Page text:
Electron-rich metal centers with open coordination sites (or the ability to form them) undergo oxidative additions with dihydrogen gas. The actual addition step is concerted, as we might expect from the dull H2 molecule! However, before the addition step, some interesting gymnastics are going on. The status of the σ complex that forms prior to H–H insertion is an open question—for some reactions it is a transition state, others a discrete intermediate. In either case, the two new hydride ligands end up cis to one another. Subsequent isomerization may occur to give a trans dihydride.
There’s more to this little reaction than meets the eye. For starters, either pair of trans ligands in the starting complex (L/L or Cl/CO) may “fold back” to form the final octahedral complex. As in associative ligand substitution, the transition state for folding back is basically trigonal bipyramidal. As we saw before, π-acidic ligands love the equatorial sites of the TBP geometry, which are rich in electrons capable of π bonding. As a consequence, π-acidic ligands get folded back preferentially, and tend to end up cis to their trans partners in the starting complex.
A critical difference between the transition metals and the organic elements is the ability of the former to exist in multiple oxidation states. In fact, the redox flexibility of the transition metals and the redox obstinacy of the organic elements work wonderfully together. Why? Imagine the transition metal as a kind of matchmaker for the organic elements. Transition metals can take on additional covalent bonds (oxidation), switch out ligands (substitution), then release new covalent bonds (reduction). The resulting organic products remain unfazed by the metal’s redox insanity. Talk about a match made in heaven!
The following series of posts will deal with the first step of this process, oxidation. More specifically, we’ll discuss the oxidation of transition metals via formal insertion into covalent bonds, also known as oxidative addition (OA). Although we often think of oxidative addition as an elementary reaction of organometallic chemistry, it is not an elementary mechanistic step. In fact, oxidative addition can proceed through a variety of mechanisms. Furthermore, any old change in oxidation state does not an oxidative addition make (that almost rhymes…). Formally, the attachment of an electrophile to a metal center (e.g., protonation) represents oxidation, but we shouldn’t call this oxidative addition, since two ligands aren’t entering the fray. Instead, we call this oxidative ligation (OL).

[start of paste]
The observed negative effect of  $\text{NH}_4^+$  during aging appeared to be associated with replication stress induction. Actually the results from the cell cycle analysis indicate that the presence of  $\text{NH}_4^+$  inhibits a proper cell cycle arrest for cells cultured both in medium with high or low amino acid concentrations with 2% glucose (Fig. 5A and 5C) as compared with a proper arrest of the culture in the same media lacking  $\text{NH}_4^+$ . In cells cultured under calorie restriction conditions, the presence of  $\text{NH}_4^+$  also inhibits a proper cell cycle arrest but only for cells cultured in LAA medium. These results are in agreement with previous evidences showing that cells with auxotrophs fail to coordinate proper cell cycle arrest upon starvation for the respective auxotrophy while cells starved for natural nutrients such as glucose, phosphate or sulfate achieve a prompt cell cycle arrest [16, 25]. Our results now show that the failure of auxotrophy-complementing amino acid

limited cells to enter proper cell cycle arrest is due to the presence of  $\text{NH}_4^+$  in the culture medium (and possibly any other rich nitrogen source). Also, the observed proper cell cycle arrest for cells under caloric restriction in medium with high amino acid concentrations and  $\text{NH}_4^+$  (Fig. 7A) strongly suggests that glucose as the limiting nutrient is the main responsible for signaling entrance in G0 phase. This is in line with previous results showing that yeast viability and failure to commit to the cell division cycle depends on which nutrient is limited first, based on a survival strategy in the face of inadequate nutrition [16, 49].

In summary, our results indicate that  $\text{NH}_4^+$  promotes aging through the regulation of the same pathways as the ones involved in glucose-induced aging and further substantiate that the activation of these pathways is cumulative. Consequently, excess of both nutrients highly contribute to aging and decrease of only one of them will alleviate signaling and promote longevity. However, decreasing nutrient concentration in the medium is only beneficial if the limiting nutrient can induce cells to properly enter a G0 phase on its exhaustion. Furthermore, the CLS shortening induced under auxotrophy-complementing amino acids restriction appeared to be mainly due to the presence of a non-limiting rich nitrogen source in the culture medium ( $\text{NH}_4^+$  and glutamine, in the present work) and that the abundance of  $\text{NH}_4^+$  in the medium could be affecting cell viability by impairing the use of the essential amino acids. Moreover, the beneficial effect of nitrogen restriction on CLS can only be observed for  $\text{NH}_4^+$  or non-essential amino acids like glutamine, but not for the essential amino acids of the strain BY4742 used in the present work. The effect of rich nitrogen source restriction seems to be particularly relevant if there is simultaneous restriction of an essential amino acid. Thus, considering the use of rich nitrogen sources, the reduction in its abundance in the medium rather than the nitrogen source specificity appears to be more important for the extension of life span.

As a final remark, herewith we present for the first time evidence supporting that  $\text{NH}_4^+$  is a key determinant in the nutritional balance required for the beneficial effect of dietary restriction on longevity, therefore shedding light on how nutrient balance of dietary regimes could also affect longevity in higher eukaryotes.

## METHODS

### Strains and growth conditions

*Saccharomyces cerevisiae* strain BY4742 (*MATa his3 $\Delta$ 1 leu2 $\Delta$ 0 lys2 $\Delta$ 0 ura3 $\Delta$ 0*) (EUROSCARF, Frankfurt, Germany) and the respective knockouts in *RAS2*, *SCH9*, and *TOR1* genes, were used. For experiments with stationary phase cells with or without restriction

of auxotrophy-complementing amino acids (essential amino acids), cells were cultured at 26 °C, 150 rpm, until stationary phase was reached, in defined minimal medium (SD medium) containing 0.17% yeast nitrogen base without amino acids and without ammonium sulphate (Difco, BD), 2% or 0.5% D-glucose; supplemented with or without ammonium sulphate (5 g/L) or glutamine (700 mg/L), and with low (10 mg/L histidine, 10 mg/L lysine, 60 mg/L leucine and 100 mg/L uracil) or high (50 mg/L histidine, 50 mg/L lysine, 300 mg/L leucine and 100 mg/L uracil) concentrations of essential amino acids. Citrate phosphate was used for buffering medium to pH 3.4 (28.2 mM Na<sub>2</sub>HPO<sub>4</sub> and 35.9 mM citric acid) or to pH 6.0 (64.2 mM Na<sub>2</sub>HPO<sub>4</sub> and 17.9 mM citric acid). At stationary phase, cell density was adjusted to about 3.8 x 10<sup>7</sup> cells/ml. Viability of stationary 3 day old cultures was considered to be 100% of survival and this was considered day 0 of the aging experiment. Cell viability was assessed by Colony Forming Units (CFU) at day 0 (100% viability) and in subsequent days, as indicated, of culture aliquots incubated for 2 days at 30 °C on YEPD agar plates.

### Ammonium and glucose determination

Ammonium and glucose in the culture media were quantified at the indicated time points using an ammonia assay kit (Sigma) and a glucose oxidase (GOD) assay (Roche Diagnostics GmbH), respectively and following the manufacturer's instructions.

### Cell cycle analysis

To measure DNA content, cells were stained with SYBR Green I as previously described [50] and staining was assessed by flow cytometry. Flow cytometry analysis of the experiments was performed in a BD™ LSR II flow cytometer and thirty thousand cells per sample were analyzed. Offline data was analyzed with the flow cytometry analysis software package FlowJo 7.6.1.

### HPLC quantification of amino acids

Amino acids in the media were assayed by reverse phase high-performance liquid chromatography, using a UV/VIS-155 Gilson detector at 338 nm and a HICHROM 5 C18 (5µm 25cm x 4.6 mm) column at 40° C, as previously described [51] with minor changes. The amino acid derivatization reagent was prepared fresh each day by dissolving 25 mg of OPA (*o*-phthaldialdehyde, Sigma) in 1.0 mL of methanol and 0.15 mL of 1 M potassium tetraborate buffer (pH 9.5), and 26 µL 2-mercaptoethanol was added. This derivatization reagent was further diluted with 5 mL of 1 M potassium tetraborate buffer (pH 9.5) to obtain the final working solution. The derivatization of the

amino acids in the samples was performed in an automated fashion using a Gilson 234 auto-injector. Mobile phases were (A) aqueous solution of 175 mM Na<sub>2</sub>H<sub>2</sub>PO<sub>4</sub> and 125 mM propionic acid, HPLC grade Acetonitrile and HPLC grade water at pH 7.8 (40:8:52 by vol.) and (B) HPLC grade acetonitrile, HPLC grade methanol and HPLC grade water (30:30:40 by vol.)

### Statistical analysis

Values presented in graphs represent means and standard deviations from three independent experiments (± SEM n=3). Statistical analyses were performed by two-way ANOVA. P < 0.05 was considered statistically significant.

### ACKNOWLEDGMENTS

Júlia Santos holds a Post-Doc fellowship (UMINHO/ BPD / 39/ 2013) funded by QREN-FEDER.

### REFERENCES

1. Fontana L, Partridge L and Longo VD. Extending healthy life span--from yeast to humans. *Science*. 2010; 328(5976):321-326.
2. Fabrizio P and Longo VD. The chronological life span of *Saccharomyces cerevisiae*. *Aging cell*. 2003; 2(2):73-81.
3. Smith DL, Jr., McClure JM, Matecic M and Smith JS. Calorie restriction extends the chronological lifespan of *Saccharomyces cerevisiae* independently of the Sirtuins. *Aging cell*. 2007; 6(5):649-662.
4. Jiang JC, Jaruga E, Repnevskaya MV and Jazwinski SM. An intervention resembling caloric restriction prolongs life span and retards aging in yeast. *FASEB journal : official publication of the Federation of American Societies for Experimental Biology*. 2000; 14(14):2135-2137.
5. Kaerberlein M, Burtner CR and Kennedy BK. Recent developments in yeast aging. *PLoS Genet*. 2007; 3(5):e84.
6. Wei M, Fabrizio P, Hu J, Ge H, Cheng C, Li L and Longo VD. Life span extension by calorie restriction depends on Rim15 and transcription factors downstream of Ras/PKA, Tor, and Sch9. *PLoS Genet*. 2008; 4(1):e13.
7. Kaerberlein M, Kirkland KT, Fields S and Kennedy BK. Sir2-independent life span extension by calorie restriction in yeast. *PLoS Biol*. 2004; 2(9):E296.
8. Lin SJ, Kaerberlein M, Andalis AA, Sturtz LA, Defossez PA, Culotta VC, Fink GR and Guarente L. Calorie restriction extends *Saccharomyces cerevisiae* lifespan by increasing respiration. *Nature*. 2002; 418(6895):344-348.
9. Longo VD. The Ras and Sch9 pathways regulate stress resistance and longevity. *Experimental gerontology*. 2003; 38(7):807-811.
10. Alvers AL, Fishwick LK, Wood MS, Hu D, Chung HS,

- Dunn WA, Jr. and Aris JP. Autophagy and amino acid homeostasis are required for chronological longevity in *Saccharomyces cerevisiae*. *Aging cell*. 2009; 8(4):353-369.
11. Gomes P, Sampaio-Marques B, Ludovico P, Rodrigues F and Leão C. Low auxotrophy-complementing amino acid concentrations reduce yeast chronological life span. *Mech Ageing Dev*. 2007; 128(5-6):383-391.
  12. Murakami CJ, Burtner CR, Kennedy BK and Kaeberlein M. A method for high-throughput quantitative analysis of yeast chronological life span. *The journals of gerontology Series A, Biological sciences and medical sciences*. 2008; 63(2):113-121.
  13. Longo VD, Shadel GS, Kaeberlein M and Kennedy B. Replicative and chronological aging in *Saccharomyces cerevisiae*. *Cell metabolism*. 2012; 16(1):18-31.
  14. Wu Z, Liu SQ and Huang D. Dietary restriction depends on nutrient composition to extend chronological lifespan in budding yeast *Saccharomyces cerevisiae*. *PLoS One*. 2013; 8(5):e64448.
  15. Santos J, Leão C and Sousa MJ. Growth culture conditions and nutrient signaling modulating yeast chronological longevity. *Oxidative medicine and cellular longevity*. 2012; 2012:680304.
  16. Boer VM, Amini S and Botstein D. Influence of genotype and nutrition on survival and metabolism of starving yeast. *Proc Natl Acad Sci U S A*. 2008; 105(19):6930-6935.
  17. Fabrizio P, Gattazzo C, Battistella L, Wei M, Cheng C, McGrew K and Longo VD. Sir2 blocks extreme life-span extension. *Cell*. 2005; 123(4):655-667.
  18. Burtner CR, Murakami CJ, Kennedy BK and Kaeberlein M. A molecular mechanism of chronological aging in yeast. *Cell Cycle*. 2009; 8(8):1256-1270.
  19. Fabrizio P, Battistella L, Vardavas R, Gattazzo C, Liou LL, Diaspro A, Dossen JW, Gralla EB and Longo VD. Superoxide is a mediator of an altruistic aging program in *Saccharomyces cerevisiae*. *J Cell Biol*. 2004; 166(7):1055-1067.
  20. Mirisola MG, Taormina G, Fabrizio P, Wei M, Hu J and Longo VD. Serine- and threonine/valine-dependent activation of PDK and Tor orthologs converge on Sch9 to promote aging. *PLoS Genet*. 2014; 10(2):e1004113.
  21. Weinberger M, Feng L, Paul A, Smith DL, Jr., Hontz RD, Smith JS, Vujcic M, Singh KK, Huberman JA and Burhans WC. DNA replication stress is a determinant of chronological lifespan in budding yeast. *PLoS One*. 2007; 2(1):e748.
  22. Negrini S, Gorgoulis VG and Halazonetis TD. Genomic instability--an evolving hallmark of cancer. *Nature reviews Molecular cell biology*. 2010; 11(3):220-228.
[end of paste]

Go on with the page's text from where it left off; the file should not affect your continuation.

Over the years, a variety of “quirky” substitution methods have been developed. All of these have the common goal of facilitating substitution in complexes that would otherwise be inert. It’s an age-old challenge: how can we turn a stable complex into something unstable enough to react? Photochemical excitation, oxidation/reduction, and radical chains all do the job, and have all been well studied. We’ll look at a few examples in this post—remember these methods when simple associative or dissociative substitution won’t get the job done.
Substitution reactions of dative ligands—most famously, CO—may be facilitated by photochemical excitation. Two examples are shown below. The first reaction yields only monosubstituted product without ultraviolet light, even in the presence of a strongly donating phosphine.
All signs point to dissociative mechanisms for these reactions (the starting complexes have 18 total electrons each). Excitation, then, must increase the M–L antibonding character of the complex’s electrons; exactly how this increase in antibonding character happens has been a matter of some debate. Originally, the prevailing explanation was that the LUMO bears M–L antibonding character, and excitation kicks an electron up from the HOMO to the LUMO, encouraging cleavage of the M–L bond. A more recent, more subtle explanation backed by calculations supports the involvement of a metal-to-ligand charge-transfer state along with the “classical” ligand-field excited state.
Imagine a screaming baby without her pacifier—that’s a nice analogy for an odd-electron organometallic complex. Complexes bearing 17 and 19 total electrons are much more reactive toward substitution than their even-electron counterparts. Single-electron oxidation and reduction (“popping out the pacifier,” if you will) can thus be used to efficiently turn on substitution. As you might expect, oxidation and reduction work best on electron-rich and electron-poor complexes, respectively. The Mn complex in the oxidative example below, for instance, includes a strongly donating MeCp group (not shown).